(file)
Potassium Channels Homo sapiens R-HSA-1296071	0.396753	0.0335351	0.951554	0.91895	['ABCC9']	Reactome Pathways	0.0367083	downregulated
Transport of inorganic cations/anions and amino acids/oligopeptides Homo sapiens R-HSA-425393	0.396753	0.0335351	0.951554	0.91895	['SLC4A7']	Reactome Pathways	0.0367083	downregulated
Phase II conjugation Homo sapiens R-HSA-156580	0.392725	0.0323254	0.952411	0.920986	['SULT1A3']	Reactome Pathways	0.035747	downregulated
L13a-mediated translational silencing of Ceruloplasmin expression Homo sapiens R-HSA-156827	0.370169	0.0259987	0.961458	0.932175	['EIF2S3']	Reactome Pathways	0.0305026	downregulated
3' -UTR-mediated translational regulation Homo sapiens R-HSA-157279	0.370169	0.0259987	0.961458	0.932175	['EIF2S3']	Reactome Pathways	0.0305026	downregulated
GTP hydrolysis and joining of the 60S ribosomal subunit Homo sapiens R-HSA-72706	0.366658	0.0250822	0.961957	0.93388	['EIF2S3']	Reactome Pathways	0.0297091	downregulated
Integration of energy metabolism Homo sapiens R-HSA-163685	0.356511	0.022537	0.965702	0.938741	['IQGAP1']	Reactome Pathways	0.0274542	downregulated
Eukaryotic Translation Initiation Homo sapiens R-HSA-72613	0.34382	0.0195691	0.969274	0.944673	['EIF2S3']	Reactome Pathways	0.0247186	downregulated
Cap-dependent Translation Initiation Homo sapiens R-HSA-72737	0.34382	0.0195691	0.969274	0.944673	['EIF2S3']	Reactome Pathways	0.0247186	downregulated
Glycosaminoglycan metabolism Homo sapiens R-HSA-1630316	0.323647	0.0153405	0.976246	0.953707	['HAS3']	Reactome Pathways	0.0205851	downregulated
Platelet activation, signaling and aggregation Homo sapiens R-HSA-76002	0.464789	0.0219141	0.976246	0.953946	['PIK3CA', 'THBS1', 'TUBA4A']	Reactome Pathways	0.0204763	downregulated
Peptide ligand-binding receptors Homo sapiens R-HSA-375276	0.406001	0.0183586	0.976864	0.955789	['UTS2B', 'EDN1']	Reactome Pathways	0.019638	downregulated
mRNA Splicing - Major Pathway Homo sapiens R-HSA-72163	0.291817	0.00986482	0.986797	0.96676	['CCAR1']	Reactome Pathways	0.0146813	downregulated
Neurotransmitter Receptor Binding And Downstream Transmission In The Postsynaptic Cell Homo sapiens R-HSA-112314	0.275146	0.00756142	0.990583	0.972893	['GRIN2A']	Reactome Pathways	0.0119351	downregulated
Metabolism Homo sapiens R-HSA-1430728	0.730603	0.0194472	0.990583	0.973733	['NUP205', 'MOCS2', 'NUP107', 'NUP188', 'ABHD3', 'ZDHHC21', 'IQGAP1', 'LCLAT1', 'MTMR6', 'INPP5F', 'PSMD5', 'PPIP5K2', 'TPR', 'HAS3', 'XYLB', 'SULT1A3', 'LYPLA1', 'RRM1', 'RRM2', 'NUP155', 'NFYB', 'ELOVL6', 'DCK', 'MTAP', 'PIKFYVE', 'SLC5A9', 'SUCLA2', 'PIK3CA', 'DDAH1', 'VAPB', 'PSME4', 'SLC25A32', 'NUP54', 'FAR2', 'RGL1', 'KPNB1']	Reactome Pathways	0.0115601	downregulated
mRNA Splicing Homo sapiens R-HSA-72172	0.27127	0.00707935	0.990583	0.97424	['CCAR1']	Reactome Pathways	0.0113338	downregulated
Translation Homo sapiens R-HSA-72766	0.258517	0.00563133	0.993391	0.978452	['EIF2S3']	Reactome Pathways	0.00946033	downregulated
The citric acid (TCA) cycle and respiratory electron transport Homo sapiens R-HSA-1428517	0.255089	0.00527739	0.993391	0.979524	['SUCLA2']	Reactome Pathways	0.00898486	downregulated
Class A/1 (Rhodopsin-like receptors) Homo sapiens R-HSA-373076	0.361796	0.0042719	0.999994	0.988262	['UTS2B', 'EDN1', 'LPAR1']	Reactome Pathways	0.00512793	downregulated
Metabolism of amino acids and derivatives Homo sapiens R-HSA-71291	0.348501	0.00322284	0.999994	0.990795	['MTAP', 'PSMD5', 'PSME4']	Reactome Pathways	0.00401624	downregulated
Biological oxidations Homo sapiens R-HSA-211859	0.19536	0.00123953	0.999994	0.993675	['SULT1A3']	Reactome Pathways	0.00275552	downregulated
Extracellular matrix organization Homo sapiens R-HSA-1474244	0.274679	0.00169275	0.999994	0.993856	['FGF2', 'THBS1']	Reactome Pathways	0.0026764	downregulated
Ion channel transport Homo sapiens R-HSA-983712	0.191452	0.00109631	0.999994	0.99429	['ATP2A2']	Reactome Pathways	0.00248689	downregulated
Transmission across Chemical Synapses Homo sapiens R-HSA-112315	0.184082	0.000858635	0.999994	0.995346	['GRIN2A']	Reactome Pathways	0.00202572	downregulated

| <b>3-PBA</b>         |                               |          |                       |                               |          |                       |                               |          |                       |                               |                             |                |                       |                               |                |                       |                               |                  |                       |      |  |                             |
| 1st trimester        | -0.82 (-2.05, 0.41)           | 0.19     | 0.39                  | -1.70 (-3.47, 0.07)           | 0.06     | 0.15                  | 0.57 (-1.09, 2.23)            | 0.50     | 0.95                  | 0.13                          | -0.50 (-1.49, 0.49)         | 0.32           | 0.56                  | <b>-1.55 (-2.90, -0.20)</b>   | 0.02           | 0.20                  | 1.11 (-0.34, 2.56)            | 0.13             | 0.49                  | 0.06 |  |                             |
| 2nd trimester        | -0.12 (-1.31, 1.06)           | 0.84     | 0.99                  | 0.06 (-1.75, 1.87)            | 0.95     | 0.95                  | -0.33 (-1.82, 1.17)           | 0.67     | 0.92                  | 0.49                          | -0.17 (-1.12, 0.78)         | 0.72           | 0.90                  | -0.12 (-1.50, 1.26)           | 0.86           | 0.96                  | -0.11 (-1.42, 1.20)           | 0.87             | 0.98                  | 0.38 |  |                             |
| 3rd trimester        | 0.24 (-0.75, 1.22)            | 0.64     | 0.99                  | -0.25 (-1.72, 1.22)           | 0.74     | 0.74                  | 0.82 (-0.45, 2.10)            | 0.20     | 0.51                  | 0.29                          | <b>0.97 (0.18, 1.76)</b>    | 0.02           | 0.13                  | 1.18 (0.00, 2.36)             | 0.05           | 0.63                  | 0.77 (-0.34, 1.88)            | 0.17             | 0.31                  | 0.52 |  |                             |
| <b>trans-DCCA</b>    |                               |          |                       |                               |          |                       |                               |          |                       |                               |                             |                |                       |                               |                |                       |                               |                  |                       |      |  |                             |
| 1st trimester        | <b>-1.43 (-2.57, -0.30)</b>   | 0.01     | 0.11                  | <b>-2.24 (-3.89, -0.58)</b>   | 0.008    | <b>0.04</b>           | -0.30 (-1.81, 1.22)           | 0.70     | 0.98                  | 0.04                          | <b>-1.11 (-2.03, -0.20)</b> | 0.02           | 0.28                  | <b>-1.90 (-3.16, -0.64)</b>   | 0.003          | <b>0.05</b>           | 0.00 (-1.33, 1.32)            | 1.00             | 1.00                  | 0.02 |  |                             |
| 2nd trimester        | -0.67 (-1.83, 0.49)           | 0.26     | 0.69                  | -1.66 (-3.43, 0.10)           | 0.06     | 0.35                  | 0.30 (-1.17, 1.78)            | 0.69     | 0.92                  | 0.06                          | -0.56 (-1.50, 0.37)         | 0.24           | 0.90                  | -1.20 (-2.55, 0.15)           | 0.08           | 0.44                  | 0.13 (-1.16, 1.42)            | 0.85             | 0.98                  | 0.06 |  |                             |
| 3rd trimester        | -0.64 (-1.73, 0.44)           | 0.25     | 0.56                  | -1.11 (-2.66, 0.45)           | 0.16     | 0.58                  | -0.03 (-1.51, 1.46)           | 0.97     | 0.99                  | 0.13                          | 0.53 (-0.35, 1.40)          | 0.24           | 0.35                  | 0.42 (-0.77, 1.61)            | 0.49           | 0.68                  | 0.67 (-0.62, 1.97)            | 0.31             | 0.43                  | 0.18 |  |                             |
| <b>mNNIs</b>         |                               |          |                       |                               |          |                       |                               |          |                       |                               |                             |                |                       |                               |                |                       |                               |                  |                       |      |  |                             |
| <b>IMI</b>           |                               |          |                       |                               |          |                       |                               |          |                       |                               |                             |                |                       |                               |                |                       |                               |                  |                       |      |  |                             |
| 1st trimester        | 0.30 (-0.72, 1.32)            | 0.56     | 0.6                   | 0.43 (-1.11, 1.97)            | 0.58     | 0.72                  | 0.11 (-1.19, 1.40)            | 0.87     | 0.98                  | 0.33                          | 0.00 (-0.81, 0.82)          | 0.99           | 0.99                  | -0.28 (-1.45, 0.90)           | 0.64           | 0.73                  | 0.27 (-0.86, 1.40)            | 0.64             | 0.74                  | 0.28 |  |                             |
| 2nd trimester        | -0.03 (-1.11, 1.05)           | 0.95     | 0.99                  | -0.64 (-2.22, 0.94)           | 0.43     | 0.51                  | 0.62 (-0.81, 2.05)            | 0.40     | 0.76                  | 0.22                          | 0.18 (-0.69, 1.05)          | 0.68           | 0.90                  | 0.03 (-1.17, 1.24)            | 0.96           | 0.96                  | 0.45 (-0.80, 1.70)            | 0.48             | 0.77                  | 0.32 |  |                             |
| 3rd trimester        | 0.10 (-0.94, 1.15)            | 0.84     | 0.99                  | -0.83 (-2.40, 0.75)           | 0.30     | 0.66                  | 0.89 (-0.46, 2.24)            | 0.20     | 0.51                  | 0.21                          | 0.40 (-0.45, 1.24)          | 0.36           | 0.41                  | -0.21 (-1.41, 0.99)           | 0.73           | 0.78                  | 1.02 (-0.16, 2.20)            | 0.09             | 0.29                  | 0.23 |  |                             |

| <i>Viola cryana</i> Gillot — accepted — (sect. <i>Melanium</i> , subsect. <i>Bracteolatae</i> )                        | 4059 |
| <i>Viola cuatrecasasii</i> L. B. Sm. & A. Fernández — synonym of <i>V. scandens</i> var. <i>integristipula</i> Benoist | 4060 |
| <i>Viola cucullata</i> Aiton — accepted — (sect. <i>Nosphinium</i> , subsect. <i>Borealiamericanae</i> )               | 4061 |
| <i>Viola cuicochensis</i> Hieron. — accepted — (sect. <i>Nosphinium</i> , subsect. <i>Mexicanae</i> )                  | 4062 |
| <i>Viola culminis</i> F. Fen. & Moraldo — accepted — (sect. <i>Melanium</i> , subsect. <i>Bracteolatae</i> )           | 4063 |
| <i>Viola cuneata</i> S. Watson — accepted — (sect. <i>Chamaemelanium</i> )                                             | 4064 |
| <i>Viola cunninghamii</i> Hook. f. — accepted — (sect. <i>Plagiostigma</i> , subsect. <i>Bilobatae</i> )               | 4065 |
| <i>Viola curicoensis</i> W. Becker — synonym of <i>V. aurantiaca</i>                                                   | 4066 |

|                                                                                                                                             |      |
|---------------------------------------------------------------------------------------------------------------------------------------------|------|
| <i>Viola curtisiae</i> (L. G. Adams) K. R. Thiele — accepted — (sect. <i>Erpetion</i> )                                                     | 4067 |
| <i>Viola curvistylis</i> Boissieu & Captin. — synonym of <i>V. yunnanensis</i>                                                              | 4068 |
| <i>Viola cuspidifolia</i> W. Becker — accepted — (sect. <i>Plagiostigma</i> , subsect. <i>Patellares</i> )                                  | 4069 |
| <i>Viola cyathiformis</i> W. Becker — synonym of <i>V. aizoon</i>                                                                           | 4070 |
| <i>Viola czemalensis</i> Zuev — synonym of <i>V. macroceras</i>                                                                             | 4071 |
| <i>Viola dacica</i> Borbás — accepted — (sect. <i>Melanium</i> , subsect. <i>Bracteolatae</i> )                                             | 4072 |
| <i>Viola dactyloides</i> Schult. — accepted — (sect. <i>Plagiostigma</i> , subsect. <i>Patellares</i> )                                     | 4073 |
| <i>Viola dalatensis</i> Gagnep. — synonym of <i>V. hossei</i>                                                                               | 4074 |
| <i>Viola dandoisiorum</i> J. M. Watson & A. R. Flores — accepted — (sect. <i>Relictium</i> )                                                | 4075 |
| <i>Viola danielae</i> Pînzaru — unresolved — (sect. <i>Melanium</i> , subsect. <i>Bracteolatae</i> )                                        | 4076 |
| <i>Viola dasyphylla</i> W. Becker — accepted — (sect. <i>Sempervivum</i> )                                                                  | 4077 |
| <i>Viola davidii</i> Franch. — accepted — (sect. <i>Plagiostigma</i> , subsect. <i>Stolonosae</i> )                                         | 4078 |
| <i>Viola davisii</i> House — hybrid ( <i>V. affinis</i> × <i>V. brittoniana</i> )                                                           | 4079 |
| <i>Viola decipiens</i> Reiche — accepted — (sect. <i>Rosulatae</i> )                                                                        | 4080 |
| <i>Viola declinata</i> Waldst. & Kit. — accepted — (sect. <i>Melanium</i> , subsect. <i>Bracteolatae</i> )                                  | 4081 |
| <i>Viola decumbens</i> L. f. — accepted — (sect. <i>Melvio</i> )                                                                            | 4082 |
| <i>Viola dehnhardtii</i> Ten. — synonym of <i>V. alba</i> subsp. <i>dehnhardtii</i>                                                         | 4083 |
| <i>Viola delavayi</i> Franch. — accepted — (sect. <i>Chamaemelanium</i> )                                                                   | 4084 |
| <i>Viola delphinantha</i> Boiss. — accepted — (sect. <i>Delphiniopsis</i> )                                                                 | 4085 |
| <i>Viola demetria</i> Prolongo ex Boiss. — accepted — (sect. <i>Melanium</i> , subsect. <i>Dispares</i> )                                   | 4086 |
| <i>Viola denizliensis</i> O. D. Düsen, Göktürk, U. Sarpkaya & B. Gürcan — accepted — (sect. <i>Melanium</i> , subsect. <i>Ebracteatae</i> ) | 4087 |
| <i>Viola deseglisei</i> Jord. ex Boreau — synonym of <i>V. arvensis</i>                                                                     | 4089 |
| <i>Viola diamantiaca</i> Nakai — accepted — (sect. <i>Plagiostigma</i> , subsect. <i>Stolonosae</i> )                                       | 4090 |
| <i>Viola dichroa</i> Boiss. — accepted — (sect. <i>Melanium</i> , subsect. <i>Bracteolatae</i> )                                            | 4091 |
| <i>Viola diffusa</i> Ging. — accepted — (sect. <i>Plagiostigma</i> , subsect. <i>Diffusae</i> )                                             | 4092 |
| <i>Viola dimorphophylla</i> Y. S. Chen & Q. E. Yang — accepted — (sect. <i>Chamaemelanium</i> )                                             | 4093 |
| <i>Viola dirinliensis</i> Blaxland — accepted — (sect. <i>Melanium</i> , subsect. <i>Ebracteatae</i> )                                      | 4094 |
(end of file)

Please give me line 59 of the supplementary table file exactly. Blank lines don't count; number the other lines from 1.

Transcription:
| <i>Viola davidii</i> Franch. — accepted — (sect. <i>Plagiostigma</i> , subsect. <i>Stolonosae</i> )                                         | 4078 |